Survivor let down by Winnipeg archbishop’s response to residential school calls for action

WARNING: This story contains details some readers may find distressing.

A residential school survivor finally had a face-to-face meeting with the leader of the Catholic Church in Winnipeg on Friday night.

But after 10 hours of waiting on the sidewalk outside St. Mary’s Cathedral, Gerry Shingoose said she was disappointed by what Archbishop Richard Gagnon said — and didn’t — when he finally spoke with her around 9 p.m.

“I shared my heart and soul with him, and I felt that he was listening to me. But his response was almost like … he already knew what he was going to say,” said Shingoose, who was forced to attend the Muscowequan Residential School in Saskatchewan from 1962 to 1971.

“He didn’t get to the reality of residential school. I don’t even think he understood our experience. He needed to listen and he already knew what he had to say. I didn’t find it truthful or honest and genuine.”

Shingoose said she told Gagnon about the horrific abuse many children experienced at residential schools, many of which were run by the Catholic Church. 

She also explained how her own experience at residential school took her cultural identity away from her, and brought up how many children died at the schools — including an estimated 215 whose remains were recently discovered at the site of the former Kamloops Indian Residential School in British Columbia.

“Every time I’d bring up the little children, he’d retract his response and switch it to something else,” Shingoose said.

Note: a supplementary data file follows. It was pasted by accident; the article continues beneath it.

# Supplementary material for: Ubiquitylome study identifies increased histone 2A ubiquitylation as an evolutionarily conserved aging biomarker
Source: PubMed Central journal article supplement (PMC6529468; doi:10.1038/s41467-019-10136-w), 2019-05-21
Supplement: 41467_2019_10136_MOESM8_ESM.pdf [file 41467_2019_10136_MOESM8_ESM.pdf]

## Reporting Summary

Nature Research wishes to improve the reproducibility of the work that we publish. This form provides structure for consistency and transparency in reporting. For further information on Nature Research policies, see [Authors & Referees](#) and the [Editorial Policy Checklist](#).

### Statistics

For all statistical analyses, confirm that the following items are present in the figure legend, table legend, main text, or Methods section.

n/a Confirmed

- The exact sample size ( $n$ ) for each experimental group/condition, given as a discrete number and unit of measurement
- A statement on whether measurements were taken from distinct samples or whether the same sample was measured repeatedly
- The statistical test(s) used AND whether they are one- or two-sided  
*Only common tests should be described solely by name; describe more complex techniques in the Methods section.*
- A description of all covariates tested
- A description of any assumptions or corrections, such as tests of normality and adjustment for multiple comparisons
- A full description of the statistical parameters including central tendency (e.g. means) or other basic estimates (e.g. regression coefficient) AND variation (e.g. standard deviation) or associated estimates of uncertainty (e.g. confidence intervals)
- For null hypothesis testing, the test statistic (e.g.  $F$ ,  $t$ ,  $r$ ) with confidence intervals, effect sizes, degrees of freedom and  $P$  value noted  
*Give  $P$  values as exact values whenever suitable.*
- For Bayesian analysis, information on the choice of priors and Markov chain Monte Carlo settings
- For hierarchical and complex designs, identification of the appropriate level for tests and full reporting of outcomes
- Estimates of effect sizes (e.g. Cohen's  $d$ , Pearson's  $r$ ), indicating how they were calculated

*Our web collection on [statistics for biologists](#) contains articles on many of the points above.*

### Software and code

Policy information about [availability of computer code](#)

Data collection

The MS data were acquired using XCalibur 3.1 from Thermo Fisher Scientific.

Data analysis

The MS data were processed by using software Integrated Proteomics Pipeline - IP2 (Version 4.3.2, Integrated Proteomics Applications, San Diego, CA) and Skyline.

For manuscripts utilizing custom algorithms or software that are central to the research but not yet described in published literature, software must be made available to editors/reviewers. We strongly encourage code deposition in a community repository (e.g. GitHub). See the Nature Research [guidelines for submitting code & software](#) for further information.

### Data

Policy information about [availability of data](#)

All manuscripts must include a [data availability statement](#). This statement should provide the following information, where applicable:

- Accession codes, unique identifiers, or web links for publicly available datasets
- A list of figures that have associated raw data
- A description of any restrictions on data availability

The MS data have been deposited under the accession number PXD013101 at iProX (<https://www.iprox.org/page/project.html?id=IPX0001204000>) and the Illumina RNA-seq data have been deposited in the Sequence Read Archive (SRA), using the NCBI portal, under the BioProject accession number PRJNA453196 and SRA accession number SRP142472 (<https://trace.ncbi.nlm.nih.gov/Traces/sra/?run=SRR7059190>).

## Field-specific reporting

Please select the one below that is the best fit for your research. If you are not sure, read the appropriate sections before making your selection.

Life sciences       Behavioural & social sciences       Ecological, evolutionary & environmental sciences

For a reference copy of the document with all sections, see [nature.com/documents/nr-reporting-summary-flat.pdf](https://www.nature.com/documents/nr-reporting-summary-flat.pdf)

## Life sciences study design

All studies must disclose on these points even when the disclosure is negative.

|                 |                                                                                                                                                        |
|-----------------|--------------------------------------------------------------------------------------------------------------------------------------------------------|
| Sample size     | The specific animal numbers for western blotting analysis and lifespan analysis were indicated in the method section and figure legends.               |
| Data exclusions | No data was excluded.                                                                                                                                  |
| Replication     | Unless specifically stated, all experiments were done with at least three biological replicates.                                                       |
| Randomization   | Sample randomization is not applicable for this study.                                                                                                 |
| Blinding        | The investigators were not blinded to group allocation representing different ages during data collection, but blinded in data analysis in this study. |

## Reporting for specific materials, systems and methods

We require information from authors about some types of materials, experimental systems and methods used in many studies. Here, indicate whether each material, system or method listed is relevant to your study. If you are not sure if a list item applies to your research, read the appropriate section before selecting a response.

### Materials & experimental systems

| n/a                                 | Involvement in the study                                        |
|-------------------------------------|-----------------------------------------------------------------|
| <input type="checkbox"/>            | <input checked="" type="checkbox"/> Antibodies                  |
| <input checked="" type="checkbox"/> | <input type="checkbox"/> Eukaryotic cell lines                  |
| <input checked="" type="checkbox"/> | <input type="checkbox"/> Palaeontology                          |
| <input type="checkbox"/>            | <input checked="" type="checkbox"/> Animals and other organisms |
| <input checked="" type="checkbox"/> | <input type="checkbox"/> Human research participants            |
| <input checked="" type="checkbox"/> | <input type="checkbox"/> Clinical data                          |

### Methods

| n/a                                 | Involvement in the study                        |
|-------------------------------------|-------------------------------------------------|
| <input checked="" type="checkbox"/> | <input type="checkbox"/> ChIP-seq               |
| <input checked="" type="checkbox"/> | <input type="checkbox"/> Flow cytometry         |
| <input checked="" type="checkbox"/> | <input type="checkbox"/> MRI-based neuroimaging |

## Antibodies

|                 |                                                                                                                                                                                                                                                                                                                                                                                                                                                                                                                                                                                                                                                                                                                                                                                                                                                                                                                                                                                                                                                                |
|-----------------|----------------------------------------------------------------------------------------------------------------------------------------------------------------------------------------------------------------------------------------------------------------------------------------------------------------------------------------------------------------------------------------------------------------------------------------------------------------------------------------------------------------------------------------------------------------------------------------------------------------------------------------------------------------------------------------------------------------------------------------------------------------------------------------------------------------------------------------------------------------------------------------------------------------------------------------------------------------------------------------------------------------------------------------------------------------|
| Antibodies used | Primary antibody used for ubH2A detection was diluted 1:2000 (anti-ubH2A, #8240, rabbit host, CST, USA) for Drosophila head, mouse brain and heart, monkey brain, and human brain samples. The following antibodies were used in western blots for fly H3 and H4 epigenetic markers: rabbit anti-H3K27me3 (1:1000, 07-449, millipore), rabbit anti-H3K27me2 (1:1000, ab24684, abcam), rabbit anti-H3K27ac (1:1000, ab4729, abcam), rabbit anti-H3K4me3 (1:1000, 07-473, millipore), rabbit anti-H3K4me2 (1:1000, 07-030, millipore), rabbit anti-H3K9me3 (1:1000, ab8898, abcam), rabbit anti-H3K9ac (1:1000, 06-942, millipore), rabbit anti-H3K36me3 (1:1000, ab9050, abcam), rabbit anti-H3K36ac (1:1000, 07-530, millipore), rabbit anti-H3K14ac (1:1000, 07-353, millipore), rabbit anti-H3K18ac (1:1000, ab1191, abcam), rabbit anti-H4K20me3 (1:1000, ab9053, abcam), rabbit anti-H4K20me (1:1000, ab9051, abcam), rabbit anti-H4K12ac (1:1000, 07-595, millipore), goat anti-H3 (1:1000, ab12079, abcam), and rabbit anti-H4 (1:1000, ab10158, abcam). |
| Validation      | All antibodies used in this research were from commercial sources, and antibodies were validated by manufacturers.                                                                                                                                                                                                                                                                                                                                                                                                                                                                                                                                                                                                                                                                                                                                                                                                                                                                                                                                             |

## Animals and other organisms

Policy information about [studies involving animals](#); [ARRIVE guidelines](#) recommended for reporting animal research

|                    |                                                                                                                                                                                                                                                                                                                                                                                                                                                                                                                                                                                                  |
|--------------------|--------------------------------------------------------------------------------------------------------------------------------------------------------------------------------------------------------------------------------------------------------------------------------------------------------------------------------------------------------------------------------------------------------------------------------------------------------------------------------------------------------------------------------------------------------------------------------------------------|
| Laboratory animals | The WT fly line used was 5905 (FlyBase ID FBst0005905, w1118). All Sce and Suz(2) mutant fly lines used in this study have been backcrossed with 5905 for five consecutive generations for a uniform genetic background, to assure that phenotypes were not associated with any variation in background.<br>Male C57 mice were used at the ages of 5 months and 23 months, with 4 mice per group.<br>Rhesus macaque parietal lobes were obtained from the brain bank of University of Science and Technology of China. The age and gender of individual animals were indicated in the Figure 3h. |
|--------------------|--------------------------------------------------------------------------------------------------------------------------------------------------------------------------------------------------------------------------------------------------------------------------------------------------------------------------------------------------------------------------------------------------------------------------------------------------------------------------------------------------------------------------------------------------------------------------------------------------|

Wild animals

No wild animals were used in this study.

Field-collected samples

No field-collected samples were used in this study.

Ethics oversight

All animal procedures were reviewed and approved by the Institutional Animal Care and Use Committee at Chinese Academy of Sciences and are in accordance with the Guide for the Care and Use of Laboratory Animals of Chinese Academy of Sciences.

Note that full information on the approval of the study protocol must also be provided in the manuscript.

“He didn’t speak from the heart.”

As she waited outside the church near Bell MTS Place, Shingoose received some encouragement from Montreal Canadiens goalie Carey Price.

Price, whose mother is the former chief of the Ulkatcho First Nation, stopped to speak with Shingoose before Friday’s playoff game against the Winnipeg Jets.

Church needs to accept responsibility

Shingoose said she wanted Gagnon to deliver a message to Pope Francis that the church must admit its role in Canada’s residential school system, including the harm done to children who died and to survivors.

She said she believes progress is possible but admitting that truth needs to be the church’s next step forward.

“You need to have truth before you have reconciliation,” she said.

“Tonight I shared my truth but he didn’t share his truth or the Catholic Church’s truth. They have so much truth that they’re keeping secret.”

Earlier that day, Prime Minister Justin Trudeau urged Catholics across Canada to demand action from the church.

After the meeting, Gagnon said he spoke with Shingoose about the importance of supporting one another and moving into the future.

“The example of the children in Kamloops makes a lot of people aware of this, and from that we’re all praying that good fruit will come,” Gagnon said. 

“People have good hearts. They have good intentions. And so tonight was a very beautiful experience filled with hope.”

While Shingoose didn’t get the reaction she was hoping for from Gagnon, she said her work, and that of other residential school survivors, is far from over.

“It’s not going to stop here,” she said.

“Two hundred and fifteen lives, little spirits, were taken. And I don’t think they’ve seen the seriousness of that.”

Support is available for anyone affected by the lingering effects of residential schools, and those who are triggered by the latest reports. The Indian Residential School Survivors Society (IRSSS) can be contacted toll-free at 1-800-721-0066.

A national Indian Residential School Crisis Line has been set up to provide support for former students and those affected. Access emotional and crisis referral services by calling the 24-hour national crisis line: 1-866-925-4419.

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